So what is it?  It’s primarily an administrative job with the School of Religious Education at a Catholic Church (the same church that I was in the children’s and teens’ choir in, as well as did my confirmation and attended endless youth group meetings, retreats, and events).  Although I’ll miss the flexibility of being my own boss, I’m so excited to be settled down at a job, to have something consistent day in and day out (I know, to most people that are in consistent jobs, this probably sounds like a drag, but for someone who has had her days constantly changing for the last two years, I can honestly say that I’m ready for a little routine).  Not to mention, the excitement of having a steady paycheck every two weeks without having to harass clients for a payment.  Plus the schedule is still flexible; it’s full-time, but I’ll be working Monday through Thursday only, and having lighter hours during the Summer.  It’s also with an organization I’ve known for years and would honestly love to be a part of.

ALSO, it’s a non-profit, which means I qualify for the Federal Loan Forgiveness Act, which means that if I keep working for a non-profit for 10 years, my student loans go away!  Granted, there’s a lot of fine print around this, but I think I can make it work.  I also think I’ll be able to work in a lot of the things I’m interested in: fundraising, event planning, sharing cool non-profits with our youth group, etc.  I think this is the perfect beginning I needed.

I’m also excited to be productive again.  I’ve mentioned before that I’m way more productive with my time when I’m busy.  Lately, I haven’t been busy and I haven’t been productive.  I can already feel that this job will make me more active in so many other aspects of my life.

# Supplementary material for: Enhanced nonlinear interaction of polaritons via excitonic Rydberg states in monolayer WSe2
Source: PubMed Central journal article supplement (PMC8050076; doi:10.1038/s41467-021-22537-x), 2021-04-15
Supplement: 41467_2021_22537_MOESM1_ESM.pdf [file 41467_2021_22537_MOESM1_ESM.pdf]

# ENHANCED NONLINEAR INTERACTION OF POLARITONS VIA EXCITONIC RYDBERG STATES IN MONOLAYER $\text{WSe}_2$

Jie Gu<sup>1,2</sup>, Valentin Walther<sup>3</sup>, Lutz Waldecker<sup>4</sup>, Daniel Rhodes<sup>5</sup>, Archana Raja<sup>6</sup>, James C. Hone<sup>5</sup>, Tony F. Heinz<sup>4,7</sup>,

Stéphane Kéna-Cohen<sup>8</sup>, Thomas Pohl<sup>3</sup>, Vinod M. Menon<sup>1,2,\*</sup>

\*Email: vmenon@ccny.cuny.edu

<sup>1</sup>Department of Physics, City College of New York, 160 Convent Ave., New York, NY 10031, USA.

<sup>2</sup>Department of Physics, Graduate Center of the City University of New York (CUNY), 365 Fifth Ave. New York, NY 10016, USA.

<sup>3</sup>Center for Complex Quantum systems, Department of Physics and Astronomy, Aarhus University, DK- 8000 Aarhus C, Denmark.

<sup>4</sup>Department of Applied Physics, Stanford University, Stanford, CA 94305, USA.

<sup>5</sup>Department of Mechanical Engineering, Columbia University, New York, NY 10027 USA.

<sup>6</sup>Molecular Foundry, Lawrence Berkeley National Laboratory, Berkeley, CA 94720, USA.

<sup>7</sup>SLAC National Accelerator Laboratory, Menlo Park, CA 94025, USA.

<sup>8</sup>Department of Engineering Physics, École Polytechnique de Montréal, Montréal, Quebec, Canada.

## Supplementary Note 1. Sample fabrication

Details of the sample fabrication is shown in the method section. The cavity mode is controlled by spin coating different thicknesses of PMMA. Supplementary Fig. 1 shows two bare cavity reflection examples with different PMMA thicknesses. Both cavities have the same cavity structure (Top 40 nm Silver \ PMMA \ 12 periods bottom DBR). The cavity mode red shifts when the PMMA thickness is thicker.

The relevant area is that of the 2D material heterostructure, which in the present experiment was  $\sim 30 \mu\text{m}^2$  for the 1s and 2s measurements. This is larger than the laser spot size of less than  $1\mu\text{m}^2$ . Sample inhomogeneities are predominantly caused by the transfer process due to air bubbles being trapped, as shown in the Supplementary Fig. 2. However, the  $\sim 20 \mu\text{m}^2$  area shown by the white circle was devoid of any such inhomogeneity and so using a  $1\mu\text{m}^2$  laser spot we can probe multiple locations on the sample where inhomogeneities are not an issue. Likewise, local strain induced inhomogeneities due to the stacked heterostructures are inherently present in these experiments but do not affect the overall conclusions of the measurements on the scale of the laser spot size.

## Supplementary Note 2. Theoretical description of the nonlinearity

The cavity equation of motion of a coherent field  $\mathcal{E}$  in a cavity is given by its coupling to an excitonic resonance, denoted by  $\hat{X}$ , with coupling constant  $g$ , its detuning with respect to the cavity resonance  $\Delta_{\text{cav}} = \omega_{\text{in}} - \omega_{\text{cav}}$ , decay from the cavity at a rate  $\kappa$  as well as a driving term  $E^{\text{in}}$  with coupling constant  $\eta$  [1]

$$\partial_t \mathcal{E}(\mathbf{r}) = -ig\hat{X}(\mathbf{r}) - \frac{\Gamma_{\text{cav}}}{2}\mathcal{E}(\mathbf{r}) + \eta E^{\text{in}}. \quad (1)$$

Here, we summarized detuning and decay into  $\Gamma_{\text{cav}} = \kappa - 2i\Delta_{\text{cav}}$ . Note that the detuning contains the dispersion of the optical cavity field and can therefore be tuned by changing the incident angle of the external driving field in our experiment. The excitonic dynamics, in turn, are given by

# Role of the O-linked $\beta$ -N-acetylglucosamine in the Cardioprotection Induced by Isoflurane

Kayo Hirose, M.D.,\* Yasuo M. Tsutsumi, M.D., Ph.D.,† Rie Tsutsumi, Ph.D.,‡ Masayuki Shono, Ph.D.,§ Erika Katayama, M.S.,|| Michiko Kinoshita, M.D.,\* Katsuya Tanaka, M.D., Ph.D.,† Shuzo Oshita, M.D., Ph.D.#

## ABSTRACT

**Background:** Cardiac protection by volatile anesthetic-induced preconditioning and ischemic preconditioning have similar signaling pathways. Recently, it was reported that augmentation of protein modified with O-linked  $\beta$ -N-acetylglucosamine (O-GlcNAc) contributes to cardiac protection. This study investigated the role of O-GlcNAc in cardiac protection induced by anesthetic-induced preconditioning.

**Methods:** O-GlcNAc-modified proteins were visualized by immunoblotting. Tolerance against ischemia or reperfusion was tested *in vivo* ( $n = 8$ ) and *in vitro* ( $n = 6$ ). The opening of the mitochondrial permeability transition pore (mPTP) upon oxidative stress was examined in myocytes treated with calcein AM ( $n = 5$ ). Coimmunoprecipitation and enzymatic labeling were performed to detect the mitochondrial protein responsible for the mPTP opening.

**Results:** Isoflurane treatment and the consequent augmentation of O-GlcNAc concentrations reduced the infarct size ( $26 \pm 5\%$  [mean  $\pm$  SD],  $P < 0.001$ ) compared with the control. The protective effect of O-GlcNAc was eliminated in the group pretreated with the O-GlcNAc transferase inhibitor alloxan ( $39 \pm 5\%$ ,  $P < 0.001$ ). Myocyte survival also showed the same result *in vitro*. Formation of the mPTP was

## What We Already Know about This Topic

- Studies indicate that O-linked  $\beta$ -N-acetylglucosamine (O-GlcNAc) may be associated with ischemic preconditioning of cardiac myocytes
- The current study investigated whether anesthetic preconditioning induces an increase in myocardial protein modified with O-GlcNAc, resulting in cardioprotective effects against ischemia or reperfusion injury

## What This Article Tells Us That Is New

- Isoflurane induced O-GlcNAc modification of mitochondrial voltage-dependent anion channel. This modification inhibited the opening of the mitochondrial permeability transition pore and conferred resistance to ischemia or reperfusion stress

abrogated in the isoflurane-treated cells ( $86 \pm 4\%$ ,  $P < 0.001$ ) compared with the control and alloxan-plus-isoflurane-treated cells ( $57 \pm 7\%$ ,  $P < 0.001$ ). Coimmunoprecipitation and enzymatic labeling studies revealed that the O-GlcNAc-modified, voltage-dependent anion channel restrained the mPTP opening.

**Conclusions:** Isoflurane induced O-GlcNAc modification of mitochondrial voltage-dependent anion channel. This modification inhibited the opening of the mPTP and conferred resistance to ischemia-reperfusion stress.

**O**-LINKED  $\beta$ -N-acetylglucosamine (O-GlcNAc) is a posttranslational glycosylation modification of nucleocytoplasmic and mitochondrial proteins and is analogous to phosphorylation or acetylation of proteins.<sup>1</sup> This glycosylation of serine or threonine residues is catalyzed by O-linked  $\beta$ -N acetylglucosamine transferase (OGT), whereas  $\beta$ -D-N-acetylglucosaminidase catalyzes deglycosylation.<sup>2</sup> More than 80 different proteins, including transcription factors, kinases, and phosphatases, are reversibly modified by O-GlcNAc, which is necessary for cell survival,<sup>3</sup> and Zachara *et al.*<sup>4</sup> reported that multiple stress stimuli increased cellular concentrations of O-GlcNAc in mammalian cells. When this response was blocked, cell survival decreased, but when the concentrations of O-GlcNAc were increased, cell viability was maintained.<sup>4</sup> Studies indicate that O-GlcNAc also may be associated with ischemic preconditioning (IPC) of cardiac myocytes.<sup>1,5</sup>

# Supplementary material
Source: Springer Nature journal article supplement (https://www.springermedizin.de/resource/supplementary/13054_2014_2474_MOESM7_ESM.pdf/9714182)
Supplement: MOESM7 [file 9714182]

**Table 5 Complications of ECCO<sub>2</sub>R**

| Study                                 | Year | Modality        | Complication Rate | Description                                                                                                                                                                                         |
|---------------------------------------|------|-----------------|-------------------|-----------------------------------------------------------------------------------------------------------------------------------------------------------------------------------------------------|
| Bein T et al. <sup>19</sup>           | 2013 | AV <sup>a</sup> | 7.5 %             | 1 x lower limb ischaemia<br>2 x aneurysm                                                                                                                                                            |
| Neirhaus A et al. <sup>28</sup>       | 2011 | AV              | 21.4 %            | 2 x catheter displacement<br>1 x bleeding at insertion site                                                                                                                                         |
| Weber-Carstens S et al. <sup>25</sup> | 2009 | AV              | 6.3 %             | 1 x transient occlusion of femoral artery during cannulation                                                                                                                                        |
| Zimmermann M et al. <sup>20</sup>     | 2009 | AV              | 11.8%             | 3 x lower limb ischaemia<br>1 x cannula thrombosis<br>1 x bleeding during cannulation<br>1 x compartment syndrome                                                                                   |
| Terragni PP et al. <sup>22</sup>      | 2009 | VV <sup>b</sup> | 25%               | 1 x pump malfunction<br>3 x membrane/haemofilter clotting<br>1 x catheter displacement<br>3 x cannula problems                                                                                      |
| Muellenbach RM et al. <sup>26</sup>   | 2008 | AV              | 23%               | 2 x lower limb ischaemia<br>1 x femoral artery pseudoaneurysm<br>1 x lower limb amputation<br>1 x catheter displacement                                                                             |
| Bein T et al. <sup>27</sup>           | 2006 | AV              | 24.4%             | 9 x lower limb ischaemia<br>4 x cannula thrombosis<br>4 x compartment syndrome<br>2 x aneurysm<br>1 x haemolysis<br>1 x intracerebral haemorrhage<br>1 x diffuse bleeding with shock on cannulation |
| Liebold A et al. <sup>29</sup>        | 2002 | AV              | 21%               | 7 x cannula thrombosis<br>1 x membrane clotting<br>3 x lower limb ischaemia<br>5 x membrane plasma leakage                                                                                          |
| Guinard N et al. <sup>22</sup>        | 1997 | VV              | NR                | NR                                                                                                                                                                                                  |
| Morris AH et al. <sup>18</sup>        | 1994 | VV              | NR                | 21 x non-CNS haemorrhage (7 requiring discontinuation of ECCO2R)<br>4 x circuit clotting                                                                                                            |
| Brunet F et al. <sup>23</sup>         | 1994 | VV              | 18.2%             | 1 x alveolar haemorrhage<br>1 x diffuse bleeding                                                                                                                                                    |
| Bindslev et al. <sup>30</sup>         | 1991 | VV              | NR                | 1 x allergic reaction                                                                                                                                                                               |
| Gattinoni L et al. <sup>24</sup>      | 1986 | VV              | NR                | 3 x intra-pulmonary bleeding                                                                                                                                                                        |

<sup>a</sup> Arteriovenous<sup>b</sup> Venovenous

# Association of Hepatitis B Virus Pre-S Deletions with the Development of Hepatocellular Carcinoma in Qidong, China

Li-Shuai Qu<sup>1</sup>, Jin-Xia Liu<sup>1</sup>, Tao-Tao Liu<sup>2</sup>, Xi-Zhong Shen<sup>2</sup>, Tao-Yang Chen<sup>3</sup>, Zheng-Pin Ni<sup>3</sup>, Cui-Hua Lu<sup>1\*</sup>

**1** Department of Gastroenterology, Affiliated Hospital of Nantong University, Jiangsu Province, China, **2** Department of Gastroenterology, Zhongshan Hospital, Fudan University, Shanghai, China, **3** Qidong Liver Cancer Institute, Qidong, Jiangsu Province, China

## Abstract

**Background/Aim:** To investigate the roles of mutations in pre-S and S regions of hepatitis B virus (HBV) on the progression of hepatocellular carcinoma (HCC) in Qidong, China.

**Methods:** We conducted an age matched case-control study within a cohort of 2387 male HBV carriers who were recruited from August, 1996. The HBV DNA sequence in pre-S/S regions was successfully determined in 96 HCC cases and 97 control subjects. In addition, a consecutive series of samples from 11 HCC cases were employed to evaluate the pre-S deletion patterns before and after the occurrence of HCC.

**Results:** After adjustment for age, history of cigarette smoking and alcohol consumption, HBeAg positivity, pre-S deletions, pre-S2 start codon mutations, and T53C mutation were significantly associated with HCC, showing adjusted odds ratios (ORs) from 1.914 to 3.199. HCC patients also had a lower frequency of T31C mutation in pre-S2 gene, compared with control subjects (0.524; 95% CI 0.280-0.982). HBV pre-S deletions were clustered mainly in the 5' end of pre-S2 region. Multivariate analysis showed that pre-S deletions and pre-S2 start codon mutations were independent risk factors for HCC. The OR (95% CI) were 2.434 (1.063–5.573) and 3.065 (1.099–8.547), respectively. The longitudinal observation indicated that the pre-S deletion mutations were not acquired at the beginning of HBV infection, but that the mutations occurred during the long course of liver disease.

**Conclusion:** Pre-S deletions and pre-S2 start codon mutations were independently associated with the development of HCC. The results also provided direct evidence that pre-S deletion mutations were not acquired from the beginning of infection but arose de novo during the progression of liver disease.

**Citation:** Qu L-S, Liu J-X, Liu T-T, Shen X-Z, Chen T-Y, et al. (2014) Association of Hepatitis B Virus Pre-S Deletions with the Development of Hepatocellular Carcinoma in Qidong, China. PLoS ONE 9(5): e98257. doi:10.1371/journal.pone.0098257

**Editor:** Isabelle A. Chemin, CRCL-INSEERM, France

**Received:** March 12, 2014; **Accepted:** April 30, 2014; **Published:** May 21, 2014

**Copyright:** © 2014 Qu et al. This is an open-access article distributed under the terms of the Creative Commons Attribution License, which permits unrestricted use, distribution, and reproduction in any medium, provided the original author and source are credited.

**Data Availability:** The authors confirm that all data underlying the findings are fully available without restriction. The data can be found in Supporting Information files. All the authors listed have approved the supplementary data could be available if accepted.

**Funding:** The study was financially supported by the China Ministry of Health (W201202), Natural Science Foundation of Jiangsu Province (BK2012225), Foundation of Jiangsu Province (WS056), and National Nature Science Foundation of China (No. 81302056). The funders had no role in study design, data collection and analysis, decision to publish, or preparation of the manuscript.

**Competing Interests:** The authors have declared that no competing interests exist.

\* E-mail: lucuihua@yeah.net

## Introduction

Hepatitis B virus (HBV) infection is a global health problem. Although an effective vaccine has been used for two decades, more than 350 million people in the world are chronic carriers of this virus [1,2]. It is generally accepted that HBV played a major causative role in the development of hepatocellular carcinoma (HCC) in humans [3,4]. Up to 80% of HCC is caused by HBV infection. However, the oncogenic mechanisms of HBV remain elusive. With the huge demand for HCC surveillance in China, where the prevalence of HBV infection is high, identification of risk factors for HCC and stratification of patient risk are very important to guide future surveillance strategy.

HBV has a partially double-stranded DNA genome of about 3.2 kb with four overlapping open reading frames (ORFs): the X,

My only worry now is how to respond to people who are taken aback by my refusal/unwillingness to get a legal job, after I went to law school and went through the terrifying experience of taking and passing the bar exam.  I’m still pretty active in a local bar association, which means I’ll be organizing and attending events where the question “so what do you do” inevitably comes up.  I’m still working on my response, but there’s one thing I do know: the one person who’s opinion really, truly, matters, is ok with what I’m doing, and that’s really all that matters.

Jeff has always said that he prefers that I come home happy rather than with a big paycheck.  I’m sure the skeptics will say “just wait, that’ll change,” but here’s why I think they’re wrong.  We’ve been living paycheck-to-paycheck, or below paycheck-to-paycheck, for years now.  Given our job roller coaster situation, we always have been.  But you know what?  We’ve always managed to be happy.  Sure, we can’t afford a lot of stuff, and we can’t always do or buy what we want, but we’ve always had each other, and as cheesy at it sounds, it’s always been enough.

I know, I know, “but you’re having a kid.”  And we’ll figure that out as we’ve always figured things out.  Every parent wants to give their kids what they didn’t have, but the reality is that neither of our parents raised us with much, and we turned out just fine.  Sure, high school was difficult because we didn’t have all the cool stuff that other kids had, but we both grew up in happy households, and that’s what really matters.  Our children may not come home to a four bedroom home, or get a car when they turn 16 (or 18…or 20), but they will come home to happy and loving parents.

I’m sounding like a broken record here, I know, but I honestly can’t thank Jeff enough for sticking things out with me these last few years, where I’ve been bouncing around quite a bit.  Although my income was never consistent or nearly what we needed, it allowed me to experience and do so many things that I wouldn’t otherwise get to do.  I started Haiti Scholarships, I went back to Haiti, I got to test my business management skills with both my firm and our shop, I got to be a stay at home wife (which I will miss quite a bit, I have loved being home when Jeff comes home for lunch), I got to volunteer my time where I wanted, I got to have endless lunch dates to catch up with friends, and attend endless meetings for anything I wanted.  So, thank you boo bear: ti amo.

Cheers to the next chapter in our lives!

Advertisements